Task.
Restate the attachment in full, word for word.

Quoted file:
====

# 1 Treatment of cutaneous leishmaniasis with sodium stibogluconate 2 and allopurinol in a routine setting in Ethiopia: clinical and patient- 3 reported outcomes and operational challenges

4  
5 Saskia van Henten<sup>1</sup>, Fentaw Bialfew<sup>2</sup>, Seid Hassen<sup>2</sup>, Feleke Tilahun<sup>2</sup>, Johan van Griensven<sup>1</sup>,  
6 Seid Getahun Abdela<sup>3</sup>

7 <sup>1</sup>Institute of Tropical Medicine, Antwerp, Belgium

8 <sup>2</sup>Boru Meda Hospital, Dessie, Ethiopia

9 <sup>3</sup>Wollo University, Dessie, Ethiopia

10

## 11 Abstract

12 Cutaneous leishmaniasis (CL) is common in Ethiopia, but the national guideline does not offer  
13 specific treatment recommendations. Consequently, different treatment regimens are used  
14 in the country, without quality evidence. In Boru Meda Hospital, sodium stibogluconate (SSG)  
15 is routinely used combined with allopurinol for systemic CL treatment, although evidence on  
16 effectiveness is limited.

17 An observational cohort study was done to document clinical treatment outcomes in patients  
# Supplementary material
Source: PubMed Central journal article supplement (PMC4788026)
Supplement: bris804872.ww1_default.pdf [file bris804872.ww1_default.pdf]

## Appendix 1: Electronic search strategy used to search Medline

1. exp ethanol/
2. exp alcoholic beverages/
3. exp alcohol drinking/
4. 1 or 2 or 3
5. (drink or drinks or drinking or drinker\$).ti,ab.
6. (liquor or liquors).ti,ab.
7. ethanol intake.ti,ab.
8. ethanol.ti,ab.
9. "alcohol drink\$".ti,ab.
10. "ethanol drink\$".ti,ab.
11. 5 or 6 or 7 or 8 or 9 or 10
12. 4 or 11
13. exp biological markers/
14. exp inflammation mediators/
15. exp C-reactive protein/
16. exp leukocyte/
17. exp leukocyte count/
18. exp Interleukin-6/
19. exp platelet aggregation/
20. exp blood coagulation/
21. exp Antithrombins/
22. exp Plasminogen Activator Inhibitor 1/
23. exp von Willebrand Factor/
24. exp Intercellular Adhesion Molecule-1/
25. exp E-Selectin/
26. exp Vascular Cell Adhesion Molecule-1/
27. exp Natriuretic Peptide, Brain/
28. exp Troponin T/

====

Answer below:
# 1 Treatment of cutaneous leishmaniasis with sodium stibogluconate 2 and allopurinol in a routine setting in Ethiopia: clinical and patient- 3 reported outcomes and operational challenges

4  
5 Saskia van Henten<sup>1</sup>, Fentaw Bialfew<sup>2</sup>, Seid Hassen<sup>2</sup>, Feleke Tilahun<sup>2</sup>, Johan van Griensven<sup>1</sup>,  
6 Seid Getahun Abdela<sup>3</sup>

7 <sup>1</sup>Institute of Tropical Medicine, Antwerp, Belgium

8 <sup>2</sup>Boru Meda Hospital, Dessie, Ethiopia

9 <sup>3</sup>Wollo University, Dessie, Ethiopia

10

## 11 Abstract

12 Cutaneous leishmaniasis (CL) is common in Ethiopia, but the national guideline does not offer  
13 specific treatment recommendations. Consequently, different treatment regimens are used  
14 in the country, without quality evidence. In Boru Meda Hospital, sodium stibogluconate (SSG)  
15 is routinely used combined with allopurinol for systemic CL treatment, although evidence on  
16 effectiveness is limited.

17 An observational cohort study was done to document clinical treatment outcomes in patients  
# Supplementary material
Source: PubMed Central journal article supplement (PMC4788026)
Supplement: bris804872.ww1_default.pdf [file bris804872.ww1_default.pdf]

## Appendix 1: Electronic search strategy used to search Medline

1. exp ethanol/
2. exp alcoholic beverages/
3. exp alcohol drinking/
4. 1 or 2 or 3
5. (drink or drinks or drinking or drinker\$).ti,ab.
6. (liquor or liquors).ti,ab.
7. ethanol intake.ti,ab.
8. ethanol.ti,ab.
9. "alcohol drink\$".ti,ab.
10. "ethanol drink\$".ti,ab.
11. 5 or 6 or 7 or 8 or 9 or 10
12. 4 or 11
13. exp biological markers/
14. exp inflammation mediators/
15. exp C-reactive protein/
16. exp leukocyte/
17. exp leukocyte count/
18. exp Interleukin-6/
19. exp platelet aggregation/
20. exp blood coagulation/
21. exp Antithrombins/
22. exp Plasminogen Activator Inhibitor 1/
23. exp von Willebrand Factor/
24. exp Intercellular Adhesion Molecule-1/
25. exp E-Selectin/
26. exp Vascular Cell Adhesion Molecule-1/
27. exp Natriuretic Peptide, Brain/
28. exp Troponin T/